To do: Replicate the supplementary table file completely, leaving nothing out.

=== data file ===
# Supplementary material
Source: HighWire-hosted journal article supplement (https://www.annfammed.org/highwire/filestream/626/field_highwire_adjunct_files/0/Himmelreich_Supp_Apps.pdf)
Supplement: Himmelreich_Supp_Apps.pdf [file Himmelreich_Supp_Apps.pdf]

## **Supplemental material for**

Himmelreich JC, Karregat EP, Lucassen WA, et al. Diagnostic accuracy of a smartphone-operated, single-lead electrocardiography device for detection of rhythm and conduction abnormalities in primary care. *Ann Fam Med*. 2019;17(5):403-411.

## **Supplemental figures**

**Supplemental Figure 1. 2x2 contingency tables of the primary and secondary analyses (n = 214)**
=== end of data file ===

# Supplementary material
Source: HighWire-hosted journal article supplement (https://www.annfammed.org/highwire/filestream/626/field_highwire_adjunct_files/0/Himmelreich_Supp_Apps.pdf)
Supplement: Himmelreich_Supp_Apps.pdf [file Himmelreich_Supp_Apps.pdf]

## **Supplemental material for**

Himmelreich JC, Karregat EP, Lucassen WA, et al. Diagnostic accuracy of a smartphone-operated, single-lead electrocardiography device for detection of rhythm and conduction abnormalities in primary care. *Ann Fam Med*. 2019;17(5):403-411.

## **Supplemental figures**

**Supplemental Figure 1. 2x2 contingency tables of the primary and secondary analyses (n = 214)**